All of us derive our national or group identity from the stories we are told as we grow up, and then in turn tell our children, stories about who we are and what distinguishes us from others. These narratives recount our collective triumphs and the tragedies we have endured as a people. They identify the heroes we honour and the villains we denounce.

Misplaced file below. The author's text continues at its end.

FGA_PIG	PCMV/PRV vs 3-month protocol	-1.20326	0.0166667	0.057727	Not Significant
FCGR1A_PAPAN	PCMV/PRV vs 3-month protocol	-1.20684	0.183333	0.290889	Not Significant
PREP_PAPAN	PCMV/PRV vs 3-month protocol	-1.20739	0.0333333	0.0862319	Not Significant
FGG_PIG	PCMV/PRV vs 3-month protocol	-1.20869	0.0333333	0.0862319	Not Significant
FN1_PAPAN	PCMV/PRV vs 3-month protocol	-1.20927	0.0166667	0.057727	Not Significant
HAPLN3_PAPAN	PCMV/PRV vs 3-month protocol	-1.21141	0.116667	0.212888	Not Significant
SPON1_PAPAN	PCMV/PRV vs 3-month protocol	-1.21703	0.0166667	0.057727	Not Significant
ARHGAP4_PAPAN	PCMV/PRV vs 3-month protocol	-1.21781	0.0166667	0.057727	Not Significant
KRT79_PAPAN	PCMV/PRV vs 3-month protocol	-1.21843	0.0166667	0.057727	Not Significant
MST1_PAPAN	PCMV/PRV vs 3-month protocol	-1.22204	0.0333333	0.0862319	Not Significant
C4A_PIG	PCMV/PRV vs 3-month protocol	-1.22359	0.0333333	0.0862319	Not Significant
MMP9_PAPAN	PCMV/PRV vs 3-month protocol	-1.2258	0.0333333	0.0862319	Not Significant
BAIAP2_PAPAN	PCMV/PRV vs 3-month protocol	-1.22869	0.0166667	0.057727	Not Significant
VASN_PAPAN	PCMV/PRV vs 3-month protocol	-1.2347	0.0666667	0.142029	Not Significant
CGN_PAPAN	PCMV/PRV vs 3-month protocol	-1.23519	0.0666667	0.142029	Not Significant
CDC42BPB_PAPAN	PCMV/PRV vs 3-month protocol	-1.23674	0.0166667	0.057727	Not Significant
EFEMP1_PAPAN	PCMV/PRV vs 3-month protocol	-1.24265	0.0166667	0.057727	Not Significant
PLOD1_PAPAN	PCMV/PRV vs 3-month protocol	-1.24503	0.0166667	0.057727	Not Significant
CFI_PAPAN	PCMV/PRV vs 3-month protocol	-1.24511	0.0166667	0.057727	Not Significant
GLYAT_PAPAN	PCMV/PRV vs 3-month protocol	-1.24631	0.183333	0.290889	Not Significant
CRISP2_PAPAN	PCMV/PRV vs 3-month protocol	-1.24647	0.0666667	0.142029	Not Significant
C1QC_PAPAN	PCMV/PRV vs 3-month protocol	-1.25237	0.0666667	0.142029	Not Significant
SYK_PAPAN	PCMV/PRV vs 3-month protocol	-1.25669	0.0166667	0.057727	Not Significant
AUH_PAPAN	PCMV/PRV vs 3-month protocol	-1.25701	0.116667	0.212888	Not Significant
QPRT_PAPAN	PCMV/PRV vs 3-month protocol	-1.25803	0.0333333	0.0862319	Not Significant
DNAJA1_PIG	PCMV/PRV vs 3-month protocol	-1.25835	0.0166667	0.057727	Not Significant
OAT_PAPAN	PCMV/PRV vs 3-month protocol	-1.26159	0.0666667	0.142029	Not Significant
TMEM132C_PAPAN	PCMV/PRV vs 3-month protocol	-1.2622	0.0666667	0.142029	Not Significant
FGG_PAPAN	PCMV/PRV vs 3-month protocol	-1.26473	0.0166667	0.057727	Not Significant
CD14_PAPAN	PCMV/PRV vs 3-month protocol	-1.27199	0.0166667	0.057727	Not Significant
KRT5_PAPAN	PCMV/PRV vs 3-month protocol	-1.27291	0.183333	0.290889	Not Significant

They make sense of our emotional reactions to situations we find ourselves in and to those whom we have learnt to fear. This is not to say that our national stories are make-believe or myths. On the contrary, they refer to real occurrences or facts, but do so selectively. They are underpinned by the prevailing balance – or imbalance – of power in our relations with others.

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